Here are 5 ways it will help the country’s rugby

  1. Attract exiting players of the 2020 schools rugby format who won’t get to play their final year for their school

  2. Gateway for players before they take the step from school rugby to club rugby to get some game time and be ready for the big league. This helps to reduce the number of players exiting the sport at the end of their schools career

  3. Clubs can cash in on the under 23 tournament to attract sponsors

  4. Since the players will be schoolboy graduates, the crowds will be back 

  5. Opportunity for coaches to pick their squads evaluating under 23 performers

Light at the end of the tunnel 

Gemunu Chethiya – St Joseph’s College 2018
Only a handful of schools rugby players make it to the club arena

Two weeks ago, Sri Lanka Rugby officially announced that Rizly Illyas will be their president-elect and will take on office at the end of August.

Speaking on Sunday Special with Boa Athu, Illyas spoke positively about commencing two tournaments, the Under 20s and Under 24s during his tenure.

“I was among the people that initiated it (under 24) during the late 1990s. I think we need to bring back the under 20 and the under 24 tournaments. Sponsors have been the issue so long, but I am capable of bringing in the sponsors” Illyas said.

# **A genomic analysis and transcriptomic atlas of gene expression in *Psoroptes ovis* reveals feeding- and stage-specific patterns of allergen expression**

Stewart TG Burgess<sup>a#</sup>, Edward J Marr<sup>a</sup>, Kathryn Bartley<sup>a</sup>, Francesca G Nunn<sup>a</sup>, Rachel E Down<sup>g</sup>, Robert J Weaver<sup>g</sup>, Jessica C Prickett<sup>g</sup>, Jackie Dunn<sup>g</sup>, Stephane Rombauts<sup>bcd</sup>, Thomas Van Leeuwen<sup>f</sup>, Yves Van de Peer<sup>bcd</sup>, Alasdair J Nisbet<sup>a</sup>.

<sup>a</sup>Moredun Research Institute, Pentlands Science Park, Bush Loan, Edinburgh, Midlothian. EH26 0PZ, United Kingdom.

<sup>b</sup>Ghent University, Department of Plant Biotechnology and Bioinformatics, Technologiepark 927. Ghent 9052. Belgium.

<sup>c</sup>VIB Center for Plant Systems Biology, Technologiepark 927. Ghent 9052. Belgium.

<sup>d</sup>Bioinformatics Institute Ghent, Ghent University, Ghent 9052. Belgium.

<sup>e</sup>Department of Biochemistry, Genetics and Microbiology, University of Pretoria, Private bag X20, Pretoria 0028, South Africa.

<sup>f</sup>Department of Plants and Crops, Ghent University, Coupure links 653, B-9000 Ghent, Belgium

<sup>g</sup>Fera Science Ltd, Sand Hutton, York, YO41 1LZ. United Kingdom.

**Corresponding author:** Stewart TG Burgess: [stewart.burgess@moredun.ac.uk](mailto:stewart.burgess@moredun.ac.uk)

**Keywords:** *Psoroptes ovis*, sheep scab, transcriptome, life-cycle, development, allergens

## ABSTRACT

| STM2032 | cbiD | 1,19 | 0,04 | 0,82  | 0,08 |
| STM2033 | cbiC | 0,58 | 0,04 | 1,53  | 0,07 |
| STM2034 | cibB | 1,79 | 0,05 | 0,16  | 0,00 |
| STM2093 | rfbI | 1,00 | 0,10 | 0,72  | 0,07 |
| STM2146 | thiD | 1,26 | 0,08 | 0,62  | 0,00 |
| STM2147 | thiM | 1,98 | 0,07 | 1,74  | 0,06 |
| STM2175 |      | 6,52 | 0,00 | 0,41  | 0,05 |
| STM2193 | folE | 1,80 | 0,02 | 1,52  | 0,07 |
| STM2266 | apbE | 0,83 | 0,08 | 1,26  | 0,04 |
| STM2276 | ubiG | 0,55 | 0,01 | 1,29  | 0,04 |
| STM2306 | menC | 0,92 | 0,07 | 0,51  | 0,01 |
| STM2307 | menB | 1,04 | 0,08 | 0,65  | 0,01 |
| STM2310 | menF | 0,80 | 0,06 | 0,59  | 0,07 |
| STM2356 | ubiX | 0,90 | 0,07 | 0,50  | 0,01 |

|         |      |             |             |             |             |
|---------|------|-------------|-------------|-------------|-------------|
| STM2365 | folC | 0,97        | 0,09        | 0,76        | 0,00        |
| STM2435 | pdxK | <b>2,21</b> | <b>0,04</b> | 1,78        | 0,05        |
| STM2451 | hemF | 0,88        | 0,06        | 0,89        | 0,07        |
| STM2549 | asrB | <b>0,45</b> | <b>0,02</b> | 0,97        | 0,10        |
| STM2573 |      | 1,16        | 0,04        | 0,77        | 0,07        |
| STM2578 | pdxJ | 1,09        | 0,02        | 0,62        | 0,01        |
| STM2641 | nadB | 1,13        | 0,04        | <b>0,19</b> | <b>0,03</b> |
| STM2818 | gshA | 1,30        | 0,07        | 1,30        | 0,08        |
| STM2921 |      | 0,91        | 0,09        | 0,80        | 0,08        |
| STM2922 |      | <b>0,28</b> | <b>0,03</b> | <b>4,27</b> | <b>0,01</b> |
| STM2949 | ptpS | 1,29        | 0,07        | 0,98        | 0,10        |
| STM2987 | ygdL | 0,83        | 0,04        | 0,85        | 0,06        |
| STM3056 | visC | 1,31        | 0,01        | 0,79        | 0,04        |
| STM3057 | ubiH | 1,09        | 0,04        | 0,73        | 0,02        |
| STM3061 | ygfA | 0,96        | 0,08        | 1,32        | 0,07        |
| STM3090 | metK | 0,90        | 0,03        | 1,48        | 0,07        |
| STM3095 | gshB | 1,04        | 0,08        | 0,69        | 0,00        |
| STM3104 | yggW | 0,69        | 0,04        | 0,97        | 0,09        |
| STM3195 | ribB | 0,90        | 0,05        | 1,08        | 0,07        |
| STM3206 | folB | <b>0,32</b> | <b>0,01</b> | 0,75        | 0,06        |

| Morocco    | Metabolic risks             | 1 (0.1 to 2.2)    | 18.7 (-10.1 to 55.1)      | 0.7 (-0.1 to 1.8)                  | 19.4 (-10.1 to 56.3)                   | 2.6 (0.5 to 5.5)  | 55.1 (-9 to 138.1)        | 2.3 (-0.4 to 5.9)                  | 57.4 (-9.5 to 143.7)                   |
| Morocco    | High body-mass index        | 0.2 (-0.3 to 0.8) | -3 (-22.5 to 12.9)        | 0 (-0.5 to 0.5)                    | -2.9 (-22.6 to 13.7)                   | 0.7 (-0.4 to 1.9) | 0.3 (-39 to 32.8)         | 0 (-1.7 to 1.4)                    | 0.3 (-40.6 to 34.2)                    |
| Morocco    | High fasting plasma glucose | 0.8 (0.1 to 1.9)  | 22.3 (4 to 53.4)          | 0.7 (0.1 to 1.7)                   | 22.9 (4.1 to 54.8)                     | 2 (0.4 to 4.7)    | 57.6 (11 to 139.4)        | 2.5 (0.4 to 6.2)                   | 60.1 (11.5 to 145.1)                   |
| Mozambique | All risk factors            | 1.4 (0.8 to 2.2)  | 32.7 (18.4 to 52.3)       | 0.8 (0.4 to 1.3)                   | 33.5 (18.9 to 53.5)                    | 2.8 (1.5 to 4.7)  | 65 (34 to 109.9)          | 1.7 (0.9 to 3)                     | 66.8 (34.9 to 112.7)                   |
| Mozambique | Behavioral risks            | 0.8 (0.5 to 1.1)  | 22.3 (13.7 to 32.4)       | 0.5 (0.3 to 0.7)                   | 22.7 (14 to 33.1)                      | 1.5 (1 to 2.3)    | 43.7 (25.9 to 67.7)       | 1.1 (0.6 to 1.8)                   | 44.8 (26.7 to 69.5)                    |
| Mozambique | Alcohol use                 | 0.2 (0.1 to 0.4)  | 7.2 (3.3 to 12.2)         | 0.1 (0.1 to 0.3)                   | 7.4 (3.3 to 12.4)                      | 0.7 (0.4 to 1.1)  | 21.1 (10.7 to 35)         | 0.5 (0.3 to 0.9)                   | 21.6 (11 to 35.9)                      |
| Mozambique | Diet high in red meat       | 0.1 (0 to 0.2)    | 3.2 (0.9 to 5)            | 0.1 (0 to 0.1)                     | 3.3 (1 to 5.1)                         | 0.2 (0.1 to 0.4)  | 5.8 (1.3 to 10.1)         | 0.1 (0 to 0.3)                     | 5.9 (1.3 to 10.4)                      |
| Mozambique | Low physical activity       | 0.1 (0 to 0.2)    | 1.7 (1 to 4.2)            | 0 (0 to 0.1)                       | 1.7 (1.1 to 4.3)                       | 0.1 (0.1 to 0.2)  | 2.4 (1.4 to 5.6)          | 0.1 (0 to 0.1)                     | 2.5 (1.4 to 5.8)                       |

The idea of two tournaments is exciting intriguing, but to see at least one of them get off the ground will be a win for the country’s rugby.

 The bigger picture

The value of an Under 23 tourney is what it brings to the table. The U23 will be a combo of the school and club format. You take the best of both worlds and then you end up with this hybrid tournament. 

The passion built inside schools’ rugby with a pinch of professionality makes it an interesting combination. It’s not perfect, but it is something worth considering. 

The Super Rugby local tournament in New Zealand was a successful adaptation post COVID19 and has been one of the best things that happened to New Zealand Rugby in the past few years. 

Maybe the Under 23 tournament will be Sri Lanka’s Super Rugby Aotearoa. 

Read Next:The failed enterprise of Sri Lanka Sevens